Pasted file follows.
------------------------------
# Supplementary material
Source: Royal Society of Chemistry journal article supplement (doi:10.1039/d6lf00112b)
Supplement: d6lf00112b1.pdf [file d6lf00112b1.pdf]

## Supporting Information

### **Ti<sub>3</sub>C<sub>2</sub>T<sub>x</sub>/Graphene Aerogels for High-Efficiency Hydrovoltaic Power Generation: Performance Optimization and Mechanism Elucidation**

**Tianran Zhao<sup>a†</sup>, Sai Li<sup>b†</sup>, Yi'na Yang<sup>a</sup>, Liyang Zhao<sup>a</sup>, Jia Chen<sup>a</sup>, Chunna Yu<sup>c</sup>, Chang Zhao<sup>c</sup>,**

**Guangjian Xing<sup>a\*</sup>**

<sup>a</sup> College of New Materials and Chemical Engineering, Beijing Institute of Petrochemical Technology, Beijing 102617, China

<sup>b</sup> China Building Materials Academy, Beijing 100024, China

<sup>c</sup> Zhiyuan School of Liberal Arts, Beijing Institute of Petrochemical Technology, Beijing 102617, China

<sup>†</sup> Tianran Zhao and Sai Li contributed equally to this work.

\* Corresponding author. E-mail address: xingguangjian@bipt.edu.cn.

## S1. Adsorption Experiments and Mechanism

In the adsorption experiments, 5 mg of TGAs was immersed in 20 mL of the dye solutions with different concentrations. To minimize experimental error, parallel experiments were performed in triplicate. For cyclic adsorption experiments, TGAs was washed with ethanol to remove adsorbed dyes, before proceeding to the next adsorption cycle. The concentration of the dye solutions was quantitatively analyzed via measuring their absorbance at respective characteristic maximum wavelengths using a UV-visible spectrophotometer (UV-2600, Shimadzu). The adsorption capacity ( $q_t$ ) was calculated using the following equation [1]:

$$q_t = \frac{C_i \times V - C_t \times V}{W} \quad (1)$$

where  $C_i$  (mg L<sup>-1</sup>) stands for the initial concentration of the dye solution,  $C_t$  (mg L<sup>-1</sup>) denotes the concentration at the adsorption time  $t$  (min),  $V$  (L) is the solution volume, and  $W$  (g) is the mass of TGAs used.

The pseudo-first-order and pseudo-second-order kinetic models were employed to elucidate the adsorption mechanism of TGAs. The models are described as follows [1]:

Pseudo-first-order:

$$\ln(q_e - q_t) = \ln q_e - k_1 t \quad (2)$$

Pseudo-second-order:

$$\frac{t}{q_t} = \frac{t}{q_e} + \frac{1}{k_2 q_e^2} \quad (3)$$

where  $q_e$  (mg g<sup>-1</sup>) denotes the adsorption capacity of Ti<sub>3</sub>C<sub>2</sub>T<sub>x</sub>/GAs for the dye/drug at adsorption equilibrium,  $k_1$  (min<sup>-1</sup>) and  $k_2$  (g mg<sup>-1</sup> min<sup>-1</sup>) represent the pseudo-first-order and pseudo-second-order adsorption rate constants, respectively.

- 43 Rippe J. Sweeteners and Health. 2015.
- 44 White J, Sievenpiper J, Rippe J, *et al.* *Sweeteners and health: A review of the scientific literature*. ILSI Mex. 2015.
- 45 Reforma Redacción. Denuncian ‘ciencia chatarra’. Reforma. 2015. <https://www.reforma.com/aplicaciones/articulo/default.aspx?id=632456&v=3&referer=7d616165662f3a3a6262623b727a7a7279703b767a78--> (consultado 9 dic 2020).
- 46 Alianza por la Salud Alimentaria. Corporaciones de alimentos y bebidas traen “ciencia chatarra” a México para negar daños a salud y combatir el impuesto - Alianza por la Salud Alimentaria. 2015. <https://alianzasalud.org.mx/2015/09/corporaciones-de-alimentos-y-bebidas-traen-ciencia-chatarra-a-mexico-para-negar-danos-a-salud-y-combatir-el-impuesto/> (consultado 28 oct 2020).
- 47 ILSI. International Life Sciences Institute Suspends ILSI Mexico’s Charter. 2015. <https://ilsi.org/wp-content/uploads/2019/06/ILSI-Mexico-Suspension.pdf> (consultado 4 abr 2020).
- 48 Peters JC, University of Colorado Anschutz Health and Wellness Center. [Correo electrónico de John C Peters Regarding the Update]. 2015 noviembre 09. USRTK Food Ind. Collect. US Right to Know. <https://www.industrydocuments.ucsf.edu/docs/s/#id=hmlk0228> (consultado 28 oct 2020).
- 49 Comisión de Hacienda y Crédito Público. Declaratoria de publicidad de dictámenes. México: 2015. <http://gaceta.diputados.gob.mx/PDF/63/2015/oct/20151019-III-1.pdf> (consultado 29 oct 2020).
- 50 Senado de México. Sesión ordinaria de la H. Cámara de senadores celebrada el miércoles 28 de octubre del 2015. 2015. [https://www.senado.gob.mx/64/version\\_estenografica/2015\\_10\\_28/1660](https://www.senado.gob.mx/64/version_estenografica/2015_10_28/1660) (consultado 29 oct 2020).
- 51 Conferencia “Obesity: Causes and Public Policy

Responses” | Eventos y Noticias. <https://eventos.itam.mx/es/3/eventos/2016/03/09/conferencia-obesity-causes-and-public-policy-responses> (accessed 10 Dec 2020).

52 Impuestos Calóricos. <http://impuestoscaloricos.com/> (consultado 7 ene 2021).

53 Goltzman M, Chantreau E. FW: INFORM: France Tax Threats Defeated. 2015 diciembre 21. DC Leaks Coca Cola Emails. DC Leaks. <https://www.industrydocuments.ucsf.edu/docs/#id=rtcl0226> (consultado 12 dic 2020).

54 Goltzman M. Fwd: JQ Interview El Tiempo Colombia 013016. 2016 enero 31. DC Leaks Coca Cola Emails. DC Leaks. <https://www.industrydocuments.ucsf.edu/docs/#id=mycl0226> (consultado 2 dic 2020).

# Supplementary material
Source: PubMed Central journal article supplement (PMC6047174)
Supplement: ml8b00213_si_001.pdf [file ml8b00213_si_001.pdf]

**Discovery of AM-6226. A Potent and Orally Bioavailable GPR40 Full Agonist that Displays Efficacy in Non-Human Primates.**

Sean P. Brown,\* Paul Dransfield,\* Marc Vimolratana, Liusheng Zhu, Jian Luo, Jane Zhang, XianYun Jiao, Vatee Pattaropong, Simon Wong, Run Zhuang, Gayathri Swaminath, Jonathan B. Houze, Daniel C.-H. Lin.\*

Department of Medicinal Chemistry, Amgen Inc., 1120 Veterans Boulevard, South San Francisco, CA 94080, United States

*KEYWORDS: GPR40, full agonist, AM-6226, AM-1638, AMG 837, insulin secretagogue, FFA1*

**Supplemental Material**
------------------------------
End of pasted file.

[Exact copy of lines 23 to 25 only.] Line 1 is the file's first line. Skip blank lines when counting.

- 43 Rippe J. Sweeteners and Health. 2015.
- 44 White J, Sievenpiper J, Rippe J, *et al.* *Sweeteners and health: A review of the scientific literature*. ILSI Mex. 2015.
- 45 Reforma Redacción. Denuncian ‘ciencia chatarra’. Reforma. 2015. <https://www.reforma.com/aplicaciones/articulo/default.aspx?id=632456&v=3&referer=7d616165662f3a3a6262623b727a7a7279703b767a78--> (consultado 9 dic 2020).